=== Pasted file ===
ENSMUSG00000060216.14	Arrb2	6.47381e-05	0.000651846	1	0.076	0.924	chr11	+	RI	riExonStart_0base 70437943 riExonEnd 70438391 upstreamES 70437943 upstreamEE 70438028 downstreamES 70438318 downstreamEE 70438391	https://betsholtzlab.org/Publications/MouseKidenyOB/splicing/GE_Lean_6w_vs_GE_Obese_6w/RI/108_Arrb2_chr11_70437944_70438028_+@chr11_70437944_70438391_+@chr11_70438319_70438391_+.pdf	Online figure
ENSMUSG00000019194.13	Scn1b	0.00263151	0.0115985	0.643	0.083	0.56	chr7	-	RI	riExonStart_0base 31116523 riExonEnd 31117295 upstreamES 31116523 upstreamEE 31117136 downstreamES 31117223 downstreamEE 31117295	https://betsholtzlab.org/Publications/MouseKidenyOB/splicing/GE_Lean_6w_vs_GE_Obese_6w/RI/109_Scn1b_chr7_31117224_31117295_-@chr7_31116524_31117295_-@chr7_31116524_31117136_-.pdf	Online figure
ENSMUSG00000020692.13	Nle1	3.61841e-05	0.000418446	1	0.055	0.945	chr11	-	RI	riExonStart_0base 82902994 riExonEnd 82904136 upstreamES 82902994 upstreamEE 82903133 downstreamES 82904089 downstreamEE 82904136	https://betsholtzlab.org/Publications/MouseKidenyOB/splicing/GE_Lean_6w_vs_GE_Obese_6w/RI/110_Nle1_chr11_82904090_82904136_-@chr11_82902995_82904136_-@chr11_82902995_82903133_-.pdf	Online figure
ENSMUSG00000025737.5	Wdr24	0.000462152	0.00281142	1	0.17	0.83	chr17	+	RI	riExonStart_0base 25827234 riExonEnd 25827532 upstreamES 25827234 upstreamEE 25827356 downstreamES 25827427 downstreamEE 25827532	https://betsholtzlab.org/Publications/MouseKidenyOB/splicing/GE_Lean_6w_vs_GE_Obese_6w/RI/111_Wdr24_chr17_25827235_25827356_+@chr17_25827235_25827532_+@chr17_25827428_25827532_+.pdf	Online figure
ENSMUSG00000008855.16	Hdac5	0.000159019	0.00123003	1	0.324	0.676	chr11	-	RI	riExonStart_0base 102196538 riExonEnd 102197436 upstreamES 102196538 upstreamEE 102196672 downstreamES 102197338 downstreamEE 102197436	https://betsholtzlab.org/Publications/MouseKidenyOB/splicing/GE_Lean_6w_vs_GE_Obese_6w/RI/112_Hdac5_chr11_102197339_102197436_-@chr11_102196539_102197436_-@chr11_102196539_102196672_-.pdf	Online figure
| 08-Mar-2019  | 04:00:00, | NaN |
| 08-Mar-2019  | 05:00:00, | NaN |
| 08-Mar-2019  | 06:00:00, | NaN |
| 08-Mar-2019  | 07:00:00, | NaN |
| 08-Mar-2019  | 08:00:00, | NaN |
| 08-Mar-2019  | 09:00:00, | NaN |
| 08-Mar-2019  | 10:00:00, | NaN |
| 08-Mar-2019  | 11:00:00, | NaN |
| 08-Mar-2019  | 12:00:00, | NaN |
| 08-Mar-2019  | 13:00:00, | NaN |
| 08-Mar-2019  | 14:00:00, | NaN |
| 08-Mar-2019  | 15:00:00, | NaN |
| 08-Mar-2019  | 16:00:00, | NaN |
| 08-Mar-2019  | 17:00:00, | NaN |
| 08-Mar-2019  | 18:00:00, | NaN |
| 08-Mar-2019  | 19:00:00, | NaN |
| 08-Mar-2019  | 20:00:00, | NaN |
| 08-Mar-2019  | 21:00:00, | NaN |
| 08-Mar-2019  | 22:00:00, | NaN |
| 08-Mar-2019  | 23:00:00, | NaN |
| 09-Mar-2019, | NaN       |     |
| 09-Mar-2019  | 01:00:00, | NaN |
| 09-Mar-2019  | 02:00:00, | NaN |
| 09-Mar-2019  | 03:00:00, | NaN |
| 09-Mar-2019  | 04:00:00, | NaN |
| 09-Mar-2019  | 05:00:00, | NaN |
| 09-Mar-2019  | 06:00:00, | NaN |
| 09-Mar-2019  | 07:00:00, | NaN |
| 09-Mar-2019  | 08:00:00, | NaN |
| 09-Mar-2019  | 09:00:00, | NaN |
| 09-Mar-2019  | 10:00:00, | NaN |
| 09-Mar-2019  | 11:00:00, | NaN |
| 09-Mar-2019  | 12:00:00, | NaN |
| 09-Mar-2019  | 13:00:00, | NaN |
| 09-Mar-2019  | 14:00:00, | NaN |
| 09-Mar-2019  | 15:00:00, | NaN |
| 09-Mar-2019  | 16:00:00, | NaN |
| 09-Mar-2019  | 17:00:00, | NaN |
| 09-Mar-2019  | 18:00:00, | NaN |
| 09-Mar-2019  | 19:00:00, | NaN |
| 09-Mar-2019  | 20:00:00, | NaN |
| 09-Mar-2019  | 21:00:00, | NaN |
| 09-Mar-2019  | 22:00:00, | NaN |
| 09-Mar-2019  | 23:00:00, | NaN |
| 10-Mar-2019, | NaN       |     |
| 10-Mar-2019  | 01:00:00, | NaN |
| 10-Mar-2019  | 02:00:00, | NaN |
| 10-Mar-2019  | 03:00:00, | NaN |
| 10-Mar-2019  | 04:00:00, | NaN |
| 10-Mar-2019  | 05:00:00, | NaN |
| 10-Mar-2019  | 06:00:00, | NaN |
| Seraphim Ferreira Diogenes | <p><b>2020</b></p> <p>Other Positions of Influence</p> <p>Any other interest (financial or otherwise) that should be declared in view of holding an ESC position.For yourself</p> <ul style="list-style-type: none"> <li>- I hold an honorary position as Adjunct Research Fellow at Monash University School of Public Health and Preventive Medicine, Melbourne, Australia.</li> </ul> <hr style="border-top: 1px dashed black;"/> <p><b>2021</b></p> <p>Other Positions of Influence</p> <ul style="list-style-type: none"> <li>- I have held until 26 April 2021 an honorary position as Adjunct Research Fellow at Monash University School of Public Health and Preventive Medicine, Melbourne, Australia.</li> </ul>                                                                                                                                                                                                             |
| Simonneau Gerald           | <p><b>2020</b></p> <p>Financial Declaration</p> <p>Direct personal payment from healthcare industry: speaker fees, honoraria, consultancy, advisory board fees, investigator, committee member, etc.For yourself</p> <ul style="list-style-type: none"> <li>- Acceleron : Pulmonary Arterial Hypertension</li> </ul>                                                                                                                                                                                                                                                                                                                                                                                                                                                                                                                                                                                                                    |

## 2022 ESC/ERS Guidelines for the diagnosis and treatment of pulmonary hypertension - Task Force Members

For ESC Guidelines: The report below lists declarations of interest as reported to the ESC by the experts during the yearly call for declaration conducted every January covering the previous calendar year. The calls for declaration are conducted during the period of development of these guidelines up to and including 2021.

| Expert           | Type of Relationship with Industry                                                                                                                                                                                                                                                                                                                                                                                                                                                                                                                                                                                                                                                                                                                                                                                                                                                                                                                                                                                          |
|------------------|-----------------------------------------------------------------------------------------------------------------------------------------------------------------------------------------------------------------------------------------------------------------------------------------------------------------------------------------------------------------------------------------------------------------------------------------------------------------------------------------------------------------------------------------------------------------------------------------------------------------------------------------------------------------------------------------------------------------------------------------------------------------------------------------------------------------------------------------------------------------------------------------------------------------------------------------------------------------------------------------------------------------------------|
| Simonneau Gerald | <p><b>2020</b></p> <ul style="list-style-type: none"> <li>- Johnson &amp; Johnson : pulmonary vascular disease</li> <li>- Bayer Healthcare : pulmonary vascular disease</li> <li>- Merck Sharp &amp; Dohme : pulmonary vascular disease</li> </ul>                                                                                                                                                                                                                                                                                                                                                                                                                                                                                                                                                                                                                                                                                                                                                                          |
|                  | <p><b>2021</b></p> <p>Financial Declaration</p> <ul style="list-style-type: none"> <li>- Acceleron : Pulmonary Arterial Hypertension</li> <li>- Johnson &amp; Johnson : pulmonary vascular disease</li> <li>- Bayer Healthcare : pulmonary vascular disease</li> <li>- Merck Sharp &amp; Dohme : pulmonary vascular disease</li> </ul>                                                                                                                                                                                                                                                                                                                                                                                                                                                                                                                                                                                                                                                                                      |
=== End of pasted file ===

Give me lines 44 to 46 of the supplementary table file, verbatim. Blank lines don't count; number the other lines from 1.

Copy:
| 09-Mar-2019  | 18:00:00, | NaN |
| 09-Mar-2019  | 19:00:00, | NaN |
| 09-Mar-2019  | 20:00:00, | NaN |